Facebook releases Paper today. Here’s my take on Facebook’s mobile strategy.
In the world of mobile apps, the biggest news from this week was the announcement, by Facebook, of a new app, built by the social network, to read news and stories: Paper. Make sure to watch thev ideo, which is very Apple-esque in its elegance and emotion. When Facebook announces these kind of apps, it evokes memories of their previous attempts to build and distribute standalone apps that unbundle one of its features, such as Camera, Poke, or Messenger. The initial reaction within the technology startup community has been a mix of skepticism and excitement, with some drooling over the new design (it does look good) while others lament its a copy (some interactions do look like Flipboard).
This all begs a question: Will Paper go the way of Poke, or the way of Messenger? The answer will have big consequences for Facebook.
On mobile devices, Messenger has been successfully unbundled from Facebook. Messenger is one of the top messaging apps out there, it works great, and even today, Facebook is so focused on making sure everyone has it on their phones that they actually route users who are inside Facebook’s main app entirely out to Messenger (and then back in) to coax the behavior of using Messenger itself. With Poke, as we all can recall, even Facebook wasn’t able to use its enormous, engaged mobile user base to turn it into a real experience to rival Snapchat. This episode was a highly visible example of how Facebook’s high mobile engagement could shoot any app right to the top of the charts, but also exposed the limits of its power to affect mobile engagement as users quickly abandoned the product experience.
When it comes to Facebook and mobile, we are witnessing the early stages of the company’s attempt to unbundle and distribute its core features in new mobile products. Back in September 2011, I wrote a column right here on TechCrunch which argued Facebook’s strategy for blanketing our devices with their software was to break it up. You can read that post here, and make sure to check out the picture. Two and a half years later, Facebook is in a much stronger mobile position. Earlier this week for earnings, Facebook shared mobile stats, reporting nearly 950m MAUs and 550m DAU’s. This type of scale and engagement for mobile apps affords Facebook incredible amounts of actionable data, which translates to market power, which they use to line their pockets through mobile app install ads — just wait until they roll out mobile re-engagement ads and deep-linking options, as well.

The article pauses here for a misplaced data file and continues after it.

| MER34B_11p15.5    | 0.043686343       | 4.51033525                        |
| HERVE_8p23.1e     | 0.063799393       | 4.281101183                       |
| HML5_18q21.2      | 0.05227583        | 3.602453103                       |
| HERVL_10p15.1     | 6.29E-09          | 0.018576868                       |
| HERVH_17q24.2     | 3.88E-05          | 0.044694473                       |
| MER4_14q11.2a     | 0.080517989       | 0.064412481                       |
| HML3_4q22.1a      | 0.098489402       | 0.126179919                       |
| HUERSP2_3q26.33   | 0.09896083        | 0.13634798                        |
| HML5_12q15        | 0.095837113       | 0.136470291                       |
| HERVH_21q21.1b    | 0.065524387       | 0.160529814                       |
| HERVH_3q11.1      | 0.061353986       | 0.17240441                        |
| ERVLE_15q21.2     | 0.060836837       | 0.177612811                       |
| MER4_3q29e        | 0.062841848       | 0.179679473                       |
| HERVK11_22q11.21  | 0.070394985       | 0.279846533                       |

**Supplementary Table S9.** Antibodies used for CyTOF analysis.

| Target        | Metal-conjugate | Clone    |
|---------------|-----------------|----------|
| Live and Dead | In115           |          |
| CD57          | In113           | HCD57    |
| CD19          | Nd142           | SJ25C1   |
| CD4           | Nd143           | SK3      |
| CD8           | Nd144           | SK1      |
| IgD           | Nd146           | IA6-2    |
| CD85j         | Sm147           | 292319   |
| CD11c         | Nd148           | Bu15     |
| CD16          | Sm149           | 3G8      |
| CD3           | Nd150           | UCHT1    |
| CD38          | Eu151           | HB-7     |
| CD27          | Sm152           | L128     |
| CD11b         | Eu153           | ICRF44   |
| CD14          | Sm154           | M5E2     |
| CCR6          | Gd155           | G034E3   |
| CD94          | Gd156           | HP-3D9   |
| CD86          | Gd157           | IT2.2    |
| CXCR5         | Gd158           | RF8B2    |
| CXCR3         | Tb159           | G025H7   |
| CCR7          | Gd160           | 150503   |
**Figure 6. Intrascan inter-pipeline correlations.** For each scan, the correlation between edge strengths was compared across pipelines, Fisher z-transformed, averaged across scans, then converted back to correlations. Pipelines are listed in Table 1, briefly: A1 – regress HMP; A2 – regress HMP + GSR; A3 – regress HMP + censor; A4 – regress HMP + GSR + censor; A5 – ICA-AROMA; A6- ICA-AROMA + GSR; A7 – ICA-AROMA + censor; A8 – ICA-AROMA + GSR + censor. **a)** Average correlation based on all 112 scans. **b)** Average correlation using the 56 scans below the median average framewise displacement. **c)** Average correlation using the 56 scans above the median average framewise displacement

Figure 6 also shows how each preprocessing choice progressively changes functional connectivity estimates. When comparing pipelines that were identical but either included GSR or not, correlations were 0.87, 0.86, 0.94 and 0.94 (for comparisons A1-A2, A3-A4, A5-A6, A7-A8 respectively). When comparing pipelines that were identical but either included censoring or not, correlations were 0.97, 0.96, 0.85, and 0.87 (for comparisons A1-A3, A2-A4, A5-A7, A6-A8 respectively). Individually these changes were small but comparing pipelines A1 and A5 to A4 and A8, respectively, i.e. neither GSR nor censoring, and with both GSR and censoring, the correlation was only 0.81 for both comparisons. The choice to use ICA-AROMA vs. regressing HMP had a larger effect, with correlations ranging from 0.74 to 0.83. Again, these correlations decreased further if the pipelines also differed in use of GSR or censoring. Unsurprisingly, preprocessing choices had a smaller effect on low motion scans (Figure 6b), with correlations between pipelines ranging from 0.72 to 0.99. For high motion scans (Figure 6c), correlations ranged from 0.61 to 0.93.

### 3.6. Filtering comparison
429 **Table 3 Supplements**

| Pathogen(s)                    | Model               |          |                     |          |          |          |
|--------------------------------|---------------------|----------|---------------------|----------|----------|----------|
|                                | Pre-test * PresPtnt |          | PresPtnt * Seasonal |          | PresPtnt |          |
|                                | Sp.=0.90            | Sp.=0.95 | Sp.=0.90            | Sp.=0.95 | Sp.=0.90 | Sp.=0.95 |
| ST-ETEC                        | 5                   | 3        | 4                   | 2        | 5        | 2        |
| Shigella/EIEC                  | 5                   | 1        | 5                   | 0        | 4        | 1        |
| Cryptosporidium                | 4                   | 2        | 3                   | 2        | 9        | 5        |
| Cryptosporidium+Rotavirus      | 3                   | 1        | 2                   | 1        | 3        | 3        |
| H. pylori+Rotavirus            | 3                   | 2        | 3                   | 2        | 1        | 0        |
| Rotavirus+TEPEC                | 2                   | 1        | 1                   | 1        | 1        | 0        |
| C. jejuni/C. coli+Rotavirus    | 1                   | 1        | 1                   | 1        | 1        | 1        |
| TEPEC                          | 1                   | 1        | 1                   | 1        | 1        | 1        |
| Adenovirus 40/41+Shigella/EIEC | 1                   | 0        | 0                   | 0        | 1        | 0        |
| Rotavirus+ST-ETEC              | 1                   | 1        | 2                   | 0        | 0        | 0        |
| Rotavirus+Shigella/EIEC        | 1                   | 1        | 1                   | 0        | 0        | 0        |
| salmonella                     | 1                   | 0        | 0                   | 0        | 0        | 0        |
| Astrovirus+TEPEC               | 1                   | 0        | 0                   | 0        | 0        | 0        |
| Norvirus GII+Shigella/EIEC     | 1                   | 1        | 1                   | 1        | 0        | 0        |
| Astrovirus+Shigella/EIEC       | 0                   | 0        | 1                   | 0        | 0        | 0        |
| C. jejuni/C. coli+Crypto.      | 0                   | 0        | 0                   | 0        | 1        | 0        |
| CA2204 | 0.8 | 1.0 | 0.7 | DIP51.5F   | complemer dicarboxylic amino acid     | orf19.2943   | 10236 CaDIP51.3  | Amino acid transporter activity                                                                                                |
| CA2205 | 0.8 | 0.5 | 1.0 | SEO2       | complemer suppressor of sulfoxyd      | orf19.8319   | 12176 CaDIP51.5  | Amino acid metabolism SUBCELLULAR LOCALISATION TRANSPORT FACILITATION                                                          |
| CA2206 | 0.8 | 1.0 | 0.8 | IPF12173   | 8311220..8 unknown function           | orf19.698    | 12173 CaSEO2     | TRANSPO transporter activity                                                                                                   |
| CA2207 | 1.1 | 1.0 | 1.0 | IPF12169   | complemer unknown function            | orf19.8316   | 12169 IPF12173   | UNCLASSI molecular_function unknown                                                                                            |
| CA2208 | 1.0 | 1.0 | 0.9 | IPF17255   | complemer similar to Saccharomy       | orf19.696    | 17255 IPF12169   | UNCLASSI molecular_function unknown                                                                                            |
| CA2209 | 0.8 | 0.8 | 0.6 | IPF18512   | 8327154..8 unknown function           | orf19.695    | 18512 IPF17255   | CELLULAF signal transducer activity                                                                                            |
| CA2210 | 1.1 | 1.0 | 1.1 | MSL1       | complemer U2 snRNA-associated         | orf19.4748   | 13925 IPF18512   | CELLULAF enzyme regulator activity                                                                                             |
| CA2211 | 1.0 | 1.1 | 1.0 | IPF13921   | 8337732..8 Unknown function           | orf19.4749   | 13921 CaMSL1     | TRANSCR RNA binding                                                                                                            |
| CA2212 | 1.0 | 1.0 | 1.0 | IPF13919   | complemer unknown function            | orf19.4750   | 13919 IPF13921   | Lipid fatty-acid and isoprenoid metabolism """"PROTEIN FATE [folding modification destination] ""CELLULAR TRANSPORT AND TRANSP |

Can Facebook, moving forward, effectively leverage the power and scale of its own network to drive its daily active users to new mobile experiences (as they’re doing with Messenger), or will users only temporarily flock to only to abandon them (as they did with Poke)? And, in the case of Paper specifically, will users convert to getting real-time mobile push notifications about news and stories about their friends, or will they find this spammy and revert back to their original sources of news (which includes regular Facebook)?
It will be interesting to see the world’s reaction tomorrow (February 3) when Paper is released. Two great pieces on this are by TechCrunch’s own Josh Constine, who takes a deep dive on Facebook’s Plot To Conquer Mobile: Shatter Itself Into Pieces, and Wanelo’s Adam Besvinick, who looks beyond the motive to unbundle when it comes to Paper. Facebook is a very different mobile company today than it was a year ago, or two years ago. The scale is just massive, and the engagement is off the charts. Assuming the product experience itself is relevant, which is why news and personal stories are interesting, even a low conversion rate to Paper would be a very sizeable audience. The reason we see more and more news apps on our phones or in the App Store is because checking the news isn’t just a daily active use case, it’s a multiple-times-a-day hyperactive use case, and one that Facebook, with their mobile user data, their algorithms, and their scale and engagement, could exploit with this move and be the first thing people read in the morning — just like the newspaper used to be. Only time will tell, so pick up the Paper tomorrow morning and read all about it.